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Better home audio, Tip #7: Don't settle for your TV's built-in speakers

Ralph Graves is one of Crutchfield's blog editors, and part of the company's social media team. He writes about home audio/video gear, specializing in Apple-related and wireless technologies. Ralph holds a master's degree in music composition, and his works have been released on various labels. He's served as product manager for an independent classical and world music label, produced several recordings, and worked extensively in public broadcasting. Since 1984 he's hosted a weekly classical music program on WTJU, and is also active as a blogger and podcaster.

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Crutchfield Hi-Fi 2.0

Sound represents a major part of cinematic story-telling. A movie soundtrack doesn't just contain the dialogue and obvious sound effects, such as explosions or thunderstorms. It also has many subtle and in some cases barely audible layers of sound that help establish a sense of place, enhance the drama unfolding, and draw you more fully into the story.

Many Blu-ray and DVD releases feature remastered soundtracks to help recreate the audio experience of the movie theater. If you're using your flat-panel TV for both video and audio, your viewing may be high-definition, but chances are your listening experience is anything but.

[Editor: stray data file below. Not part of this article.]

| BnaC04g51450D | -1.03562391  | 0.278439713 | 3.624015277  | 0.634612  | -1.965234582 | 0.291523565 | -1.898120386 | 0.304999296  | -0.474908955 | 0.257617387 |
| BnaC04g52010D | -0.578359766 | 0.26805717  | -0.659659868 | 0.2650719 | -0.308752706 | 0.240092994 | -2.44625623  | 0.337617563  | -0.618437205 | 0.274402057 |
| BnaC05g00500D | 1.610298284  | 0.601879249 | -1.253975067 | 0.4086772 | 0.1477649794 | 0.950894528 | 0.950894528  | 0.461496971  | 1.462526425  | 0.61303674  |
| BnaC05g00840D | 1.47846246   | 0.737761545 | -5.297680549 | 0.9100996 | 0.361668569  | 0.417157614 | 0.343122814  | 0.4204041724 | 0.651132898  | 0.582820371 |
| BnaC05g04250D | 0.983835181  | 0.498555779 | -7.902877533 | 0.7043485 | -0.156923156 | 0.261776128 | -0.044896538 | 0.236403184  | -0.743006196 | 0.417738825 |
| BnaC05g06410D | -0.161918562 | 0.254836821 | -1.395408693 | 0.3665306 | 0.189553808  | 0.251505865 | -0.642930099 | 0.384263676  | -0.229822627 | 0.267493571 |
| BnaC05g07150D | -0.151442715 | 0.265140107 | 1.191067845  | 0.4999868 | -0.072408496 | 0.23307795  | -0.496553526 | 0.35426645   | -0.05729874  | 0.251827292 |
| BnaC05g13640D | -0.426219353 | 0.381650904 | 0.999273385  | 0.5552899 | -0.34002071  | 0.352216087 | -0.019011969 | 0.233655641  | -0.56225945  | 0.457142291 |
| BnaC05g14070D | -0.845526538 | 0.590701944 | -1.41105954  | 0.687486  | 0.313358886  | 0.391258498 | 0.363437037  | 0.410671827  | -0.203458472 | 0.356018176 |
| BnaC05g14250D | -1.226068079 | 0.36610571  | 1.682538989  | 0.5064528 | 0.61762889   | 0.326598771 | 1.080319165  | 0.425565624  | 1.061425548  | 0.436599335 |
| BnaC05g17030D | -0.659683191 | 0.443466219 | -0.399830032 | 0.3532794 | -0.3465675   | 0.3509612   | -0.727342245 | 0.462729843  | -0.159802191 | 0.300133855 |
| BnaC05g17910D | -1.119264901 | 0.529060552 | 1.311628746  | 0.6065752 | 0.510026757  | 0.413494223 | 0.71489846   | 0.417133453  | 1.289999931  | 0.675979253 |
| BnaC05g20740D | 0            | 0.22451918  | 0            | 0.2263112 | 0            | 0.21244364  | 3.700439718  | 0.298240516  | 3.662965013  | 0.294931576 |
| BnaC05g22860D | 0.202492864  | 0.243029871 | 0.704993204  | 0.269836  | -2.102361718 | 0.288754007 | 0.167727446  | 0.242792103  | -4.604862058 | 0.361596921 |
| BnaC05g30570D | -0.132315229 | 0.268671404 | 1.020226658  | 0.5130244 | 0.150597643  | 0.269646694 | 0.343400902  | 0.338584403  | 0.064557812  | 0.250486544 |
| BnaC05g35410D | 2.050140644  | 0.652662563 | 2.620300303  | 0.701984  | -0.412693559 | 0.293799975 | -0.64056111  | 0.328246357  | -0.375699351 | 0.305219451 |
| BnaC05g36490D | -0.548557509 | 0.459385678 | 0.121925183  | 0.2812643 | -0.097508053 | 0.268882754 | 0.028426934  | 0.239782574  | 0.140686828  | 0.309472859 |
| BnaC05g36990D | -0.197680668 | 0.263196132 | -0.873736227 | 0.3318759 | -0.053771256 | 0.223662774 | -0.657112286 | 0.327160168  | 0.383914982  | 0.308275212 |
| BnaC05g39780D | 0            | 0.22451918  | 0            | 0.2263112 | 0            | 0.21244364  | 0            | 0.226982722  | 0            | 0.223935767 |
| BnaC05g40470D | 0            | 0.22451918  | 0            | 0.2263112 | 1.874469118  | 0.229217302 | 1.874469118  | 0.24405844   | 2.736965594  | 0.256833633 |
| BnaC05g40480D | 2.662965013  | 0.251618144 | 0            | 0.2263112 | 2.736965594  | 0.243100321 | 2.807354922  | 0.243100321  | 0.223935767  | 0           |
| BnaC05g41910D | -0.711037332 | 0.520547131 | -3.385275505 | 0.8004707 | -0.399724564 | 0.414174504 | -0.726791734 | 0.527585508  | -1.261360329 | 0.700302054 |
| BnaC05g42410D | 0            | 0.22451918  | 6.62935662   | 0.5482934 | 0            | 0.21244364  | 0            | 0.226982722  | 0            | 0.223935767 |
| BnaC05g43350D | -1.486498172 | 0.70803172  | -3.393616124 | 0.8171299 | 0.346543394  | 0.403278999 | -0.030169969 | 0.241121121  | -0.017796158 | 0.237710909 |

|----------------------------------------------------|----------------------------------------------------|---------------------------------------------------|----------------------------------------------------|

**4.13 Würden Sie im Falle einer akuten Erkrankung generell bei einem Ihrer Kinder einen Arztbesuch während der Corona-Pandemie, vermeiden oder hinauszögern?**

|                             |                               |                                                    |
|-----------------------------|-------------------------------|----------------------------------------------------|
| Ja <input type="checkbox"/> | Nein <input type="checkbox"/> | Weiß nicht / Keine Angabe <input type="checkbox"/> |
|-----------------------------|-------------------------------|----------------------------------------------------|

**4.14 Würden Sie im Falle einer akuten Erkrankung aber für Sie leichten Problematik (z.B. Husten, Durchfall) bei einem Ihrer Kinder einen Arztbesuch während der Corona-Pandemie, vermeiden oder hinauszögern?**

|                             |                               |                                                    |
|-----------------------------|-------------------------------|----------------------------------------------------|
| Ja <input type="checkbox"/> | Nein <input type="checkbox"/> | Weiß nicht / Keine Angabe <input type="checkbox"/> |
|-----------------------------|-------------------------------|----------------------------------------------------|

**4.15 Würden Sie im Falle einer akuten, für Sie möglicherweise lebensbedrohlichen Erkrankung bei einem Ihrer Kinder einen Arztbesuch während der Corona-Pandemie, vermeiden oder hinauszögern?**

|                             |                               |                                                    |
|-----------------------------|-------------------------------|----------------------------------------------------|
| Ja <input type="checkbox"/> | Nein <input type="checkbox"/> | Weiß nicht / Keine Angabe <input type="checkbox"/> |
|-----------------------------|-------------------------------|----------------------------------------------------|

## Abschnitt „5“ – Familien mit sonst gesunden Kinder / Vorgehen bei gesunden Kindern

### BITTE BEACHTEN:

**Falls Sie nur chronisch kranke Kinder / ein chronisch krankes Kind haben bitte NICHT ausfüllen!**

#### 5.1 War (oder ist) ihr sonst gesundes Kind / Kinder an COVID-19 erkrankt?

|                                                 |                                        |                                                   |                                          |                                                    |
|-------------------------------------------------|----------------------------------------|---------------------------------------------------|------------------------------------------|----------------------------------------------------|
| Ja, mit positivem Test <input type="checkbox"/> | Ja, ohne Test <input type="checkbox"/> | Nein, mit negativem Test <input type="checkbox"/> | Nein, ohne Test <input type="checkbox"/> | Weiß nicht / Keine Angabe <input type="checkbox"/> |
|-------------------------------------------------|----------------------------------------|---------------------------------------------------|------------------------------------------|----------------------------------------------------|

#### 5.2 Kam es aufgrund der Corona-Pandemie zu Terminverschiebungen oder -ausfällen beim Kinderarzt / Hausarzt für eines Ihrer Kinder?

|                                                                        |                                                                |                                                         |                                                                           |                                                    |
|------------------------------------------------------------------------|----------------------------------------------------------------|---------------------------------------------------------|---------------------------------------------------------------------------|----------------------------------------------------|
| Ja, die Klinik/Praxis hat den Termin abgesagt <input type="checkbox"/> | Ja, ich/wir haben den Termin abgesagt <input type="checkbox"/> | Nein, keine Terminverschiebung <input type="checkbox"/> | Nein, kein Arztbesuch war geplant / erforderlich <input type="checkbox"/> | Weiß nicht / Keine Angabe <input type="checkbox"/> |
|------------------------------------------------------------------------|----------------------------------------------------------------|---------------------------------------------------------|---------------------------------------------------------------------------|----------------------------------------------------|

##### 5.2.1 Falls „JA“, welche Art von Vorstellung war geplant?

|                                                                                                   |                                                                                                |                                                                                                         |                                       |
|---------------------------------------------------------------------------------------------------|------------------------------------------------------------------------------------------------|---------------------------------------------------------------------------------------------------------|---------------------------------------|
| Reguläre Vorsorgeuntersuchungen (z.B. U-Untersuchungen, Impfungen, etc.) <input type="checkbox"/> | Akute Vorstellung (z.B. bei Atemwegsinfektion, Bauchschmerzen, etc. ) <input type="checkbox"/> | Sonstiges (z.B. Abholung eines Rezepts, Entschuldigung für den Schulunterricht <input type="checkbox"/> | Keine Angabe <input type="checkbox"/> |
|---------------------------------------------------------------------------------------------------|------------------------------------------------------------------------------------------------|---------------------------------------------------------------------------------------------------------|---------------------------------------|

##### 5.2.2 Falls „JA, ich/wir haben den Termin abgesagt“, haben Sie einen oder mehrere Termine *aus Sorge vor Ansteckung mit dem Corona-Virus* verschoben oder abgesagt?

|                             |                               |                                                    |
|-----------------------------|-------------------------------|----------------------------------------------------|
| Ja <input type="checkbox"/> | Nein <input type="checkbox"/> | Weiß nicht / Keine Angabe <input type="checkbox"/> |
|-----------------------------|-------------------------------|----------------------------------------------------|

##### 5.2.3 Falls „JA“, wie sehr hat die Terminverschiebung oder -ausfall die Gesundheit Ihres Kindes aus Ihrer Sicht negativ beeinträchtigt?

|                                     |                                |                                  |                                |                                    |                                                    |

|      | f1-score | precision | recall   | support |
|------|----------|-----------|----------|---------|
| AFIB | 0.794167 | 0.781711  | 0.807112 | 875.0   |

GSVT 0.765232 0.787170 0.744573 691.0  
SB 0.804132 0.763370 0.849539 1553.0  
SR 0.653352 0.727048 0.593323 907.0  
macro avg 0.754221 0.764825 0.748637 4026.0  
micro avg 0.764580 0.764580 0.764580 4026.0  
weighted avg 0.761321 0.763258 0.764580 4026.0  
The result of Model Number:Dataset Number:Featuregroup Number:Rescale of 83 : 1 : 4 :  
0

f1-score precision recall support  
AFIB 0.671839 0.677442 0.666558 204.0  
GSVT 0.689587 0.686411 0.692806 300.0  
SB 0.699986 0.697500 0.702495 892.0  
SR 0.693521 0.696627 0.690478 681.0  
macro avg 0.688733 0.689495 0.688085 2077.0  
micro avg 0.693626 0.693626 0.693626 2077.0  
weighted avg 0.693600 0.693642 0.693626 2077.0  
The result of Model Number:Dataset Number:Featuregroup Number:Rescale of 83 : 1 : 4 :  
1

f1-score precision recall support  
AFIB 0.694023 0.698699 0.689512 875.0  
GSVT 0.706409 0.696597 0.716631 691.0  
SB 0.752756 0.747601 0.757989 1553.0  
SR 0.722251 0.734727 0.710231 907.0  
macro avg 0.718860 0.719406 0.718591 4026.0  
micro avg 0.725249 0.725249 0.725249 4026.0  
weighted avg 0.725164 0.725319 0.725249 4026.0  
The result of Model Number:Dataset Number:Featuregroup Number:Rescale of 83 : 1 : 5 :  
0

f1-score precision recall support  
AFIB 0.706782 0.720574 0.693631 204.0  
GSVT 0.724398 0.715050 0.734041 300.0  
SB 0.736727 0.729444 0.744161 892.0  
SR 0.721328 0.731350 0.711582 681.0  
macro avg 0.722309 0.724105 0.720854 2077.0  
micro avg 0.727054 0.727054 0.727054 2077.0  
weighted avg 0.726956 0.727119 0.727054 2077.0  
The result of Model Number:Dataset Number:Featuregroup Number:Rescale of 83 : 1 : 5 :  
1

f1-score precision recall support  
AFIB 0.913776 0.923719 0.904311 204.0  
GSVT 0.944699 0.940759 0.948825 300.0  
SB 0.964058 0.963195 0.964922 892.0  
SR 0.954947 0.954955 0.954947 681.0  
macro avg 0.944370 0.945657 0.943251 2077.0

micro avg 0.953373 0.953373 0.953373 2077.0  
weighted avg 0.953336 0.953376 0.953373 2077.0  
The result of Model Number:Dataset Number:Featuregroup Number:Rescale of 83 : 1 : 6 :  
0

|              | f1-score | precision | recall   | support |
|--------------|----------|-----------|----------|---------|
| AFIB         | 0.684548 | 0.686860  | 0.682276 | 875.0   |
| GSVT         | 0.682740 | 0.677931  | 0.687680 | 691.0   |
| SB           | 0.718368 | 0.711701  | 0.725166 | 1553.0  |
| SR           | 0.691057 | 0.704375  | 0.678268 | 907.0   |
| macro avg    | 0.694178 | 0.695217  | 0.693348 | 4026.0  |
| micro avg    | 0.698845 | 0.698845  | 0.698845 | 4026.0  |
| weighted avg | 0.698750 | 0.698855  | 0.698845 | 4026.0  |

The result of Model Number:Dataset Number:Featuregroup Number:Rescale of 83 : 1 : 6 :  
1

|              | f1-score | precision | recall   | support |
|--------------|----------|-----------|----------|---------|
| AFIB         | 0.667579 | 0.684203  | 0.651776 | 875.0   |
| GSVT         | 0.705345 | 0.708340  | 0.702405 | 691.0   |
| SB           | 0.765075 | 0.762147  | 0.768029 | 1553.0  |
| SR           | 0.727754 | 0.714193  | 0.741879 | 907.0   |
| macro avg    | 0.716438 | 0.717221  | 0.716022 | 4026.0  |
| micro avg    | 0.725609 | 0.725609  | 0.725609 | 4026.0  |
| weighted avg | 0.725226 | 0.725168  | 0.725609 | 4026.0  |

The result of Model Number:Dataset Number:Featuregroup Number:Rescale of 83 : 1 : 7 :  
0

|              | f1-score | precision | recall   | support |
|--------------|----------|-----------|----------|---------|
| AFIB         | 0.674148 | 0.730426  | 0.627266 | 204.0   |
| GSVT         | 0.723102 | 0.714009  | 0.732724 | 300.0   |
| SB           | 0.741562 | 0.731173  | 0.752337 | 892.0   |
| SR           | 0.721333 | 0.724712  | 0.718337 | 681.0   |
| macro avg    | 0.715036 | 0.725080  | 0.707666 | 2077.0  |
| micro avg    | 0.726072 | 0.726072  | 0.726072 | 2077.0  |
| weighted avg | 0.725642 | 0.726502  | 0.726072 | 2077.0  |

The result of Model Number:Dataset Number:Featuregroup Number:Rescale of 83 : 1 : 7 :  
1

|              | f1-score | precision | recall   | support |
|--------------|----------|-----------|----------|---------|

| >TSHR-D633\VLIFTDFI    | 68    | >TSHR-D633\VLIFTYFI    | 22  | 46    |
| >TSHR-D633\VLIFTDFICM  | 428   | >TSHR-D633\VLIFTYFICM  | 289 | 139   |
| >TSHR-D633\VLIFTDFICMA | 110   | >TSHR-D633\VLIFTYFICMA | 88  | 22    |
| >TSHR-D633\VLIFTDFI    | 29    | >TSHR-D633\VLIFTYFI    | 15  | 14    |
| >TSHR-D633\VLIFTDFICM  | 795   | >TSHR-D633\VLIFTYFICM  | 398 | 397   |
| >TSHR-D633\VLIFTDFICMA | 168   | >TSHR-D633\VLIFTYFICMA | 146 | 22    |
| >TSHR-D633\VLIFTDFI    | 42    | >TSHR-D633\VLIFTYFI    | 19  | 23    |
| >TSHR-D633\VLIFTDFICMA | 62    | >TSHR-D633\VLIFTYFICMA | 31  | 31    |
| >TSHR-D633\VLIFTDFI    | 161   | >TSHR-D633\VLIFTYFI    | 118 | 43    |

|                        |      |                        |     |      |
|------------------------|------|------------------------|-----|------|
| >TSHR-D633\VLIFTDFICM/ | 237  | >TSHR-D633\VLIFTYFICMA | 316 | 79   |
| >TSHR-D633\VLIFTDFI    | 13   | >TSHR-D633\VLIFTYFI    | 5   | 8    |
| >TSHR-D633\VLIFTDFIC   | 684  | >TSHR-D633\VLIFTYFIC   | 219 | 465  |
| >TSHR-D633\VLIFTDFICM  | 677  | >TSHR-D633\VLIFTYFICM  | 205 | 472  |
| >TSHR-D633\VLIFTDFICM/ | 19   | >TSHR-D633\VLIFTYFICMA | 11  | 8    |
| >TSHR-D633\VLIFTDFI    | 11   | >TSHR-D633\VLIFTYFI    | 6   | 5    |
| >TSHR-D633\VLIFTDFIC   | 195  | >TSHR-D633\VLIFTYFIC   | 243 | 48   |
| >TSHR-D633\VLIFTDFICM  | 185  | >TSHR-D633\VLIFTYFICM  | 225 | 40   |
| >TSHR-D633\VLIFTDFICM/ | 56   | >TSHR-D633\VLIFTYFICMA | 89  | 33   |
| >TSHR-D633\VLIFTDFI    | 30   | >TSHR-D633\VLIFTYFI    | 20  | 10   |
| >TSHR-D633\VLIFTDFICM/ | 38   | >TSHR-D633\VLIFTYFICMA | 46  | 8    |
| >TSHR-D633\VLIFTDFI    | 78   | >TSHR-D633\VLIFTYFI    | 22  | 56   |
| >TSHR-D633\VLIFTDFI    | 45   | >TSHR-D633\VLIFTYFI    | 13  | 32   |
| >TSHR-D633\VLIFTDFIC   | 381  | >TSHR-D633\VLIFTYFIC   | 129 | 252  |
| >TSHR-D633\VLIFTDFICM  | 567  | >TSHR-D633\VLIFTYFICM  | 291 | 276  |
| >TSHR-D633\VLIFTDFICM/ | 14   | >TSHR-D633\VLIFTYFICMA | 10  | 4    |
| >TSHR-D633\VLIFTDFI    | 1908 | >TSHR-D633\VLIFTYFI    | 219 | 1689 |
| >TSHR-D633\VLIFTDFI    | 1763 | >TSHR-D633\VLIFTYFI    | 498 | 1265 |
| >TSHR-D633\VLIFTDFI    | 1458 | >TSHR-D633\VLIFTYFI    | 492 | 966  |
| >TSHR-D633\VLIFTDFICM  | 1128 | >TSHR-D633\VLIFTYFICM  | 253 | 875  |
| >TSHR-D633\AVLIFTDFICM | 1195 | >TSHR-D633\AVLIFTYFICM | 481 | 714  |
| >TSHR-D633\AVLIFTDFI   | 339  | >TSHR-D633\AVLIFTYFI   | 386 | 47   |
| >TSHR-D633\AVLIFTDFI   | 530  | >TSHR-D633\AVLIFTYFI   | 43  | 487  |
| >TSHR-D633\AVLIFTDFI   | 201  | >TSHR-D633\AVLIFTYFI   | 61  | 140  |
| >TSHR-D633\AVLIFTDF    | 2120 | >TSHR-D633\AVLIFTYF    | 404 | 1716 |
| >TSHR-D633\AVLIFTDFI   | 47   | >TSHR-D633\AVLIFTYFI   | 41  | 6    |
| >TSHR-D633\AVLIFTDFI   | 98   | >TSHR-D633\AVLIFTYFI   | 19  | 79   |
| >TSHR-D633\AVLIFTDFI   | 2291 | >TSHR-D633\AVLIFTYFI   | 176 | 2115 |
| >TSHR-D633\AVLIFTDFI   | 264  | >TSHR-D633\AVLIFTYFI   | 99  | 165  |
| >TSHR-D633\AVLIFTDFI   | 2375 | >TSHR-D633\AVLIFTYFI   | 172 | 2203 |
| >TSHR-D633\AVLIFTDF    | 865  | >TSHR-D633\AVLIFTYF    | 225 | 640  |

Tip #7: Don't settle for your TV's built-in speakers.
TV cabinets have gotten thinner and thinner, leaving less and less room for built-in speakers. The result? Flat, muddy sound that just doesn't do justice to today's high-def displays. You've got a lot of options for improving your TV's sound - from popular single-speaker sound bars to full surround sound systems, and everything in between. Many of these options are compact and simple to set up. See our article on four ways to improve your TV's sound for more info.

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This post is based on the article "15 Tips for Better Sound from your Home System" by the Crutchfield Writing Team.

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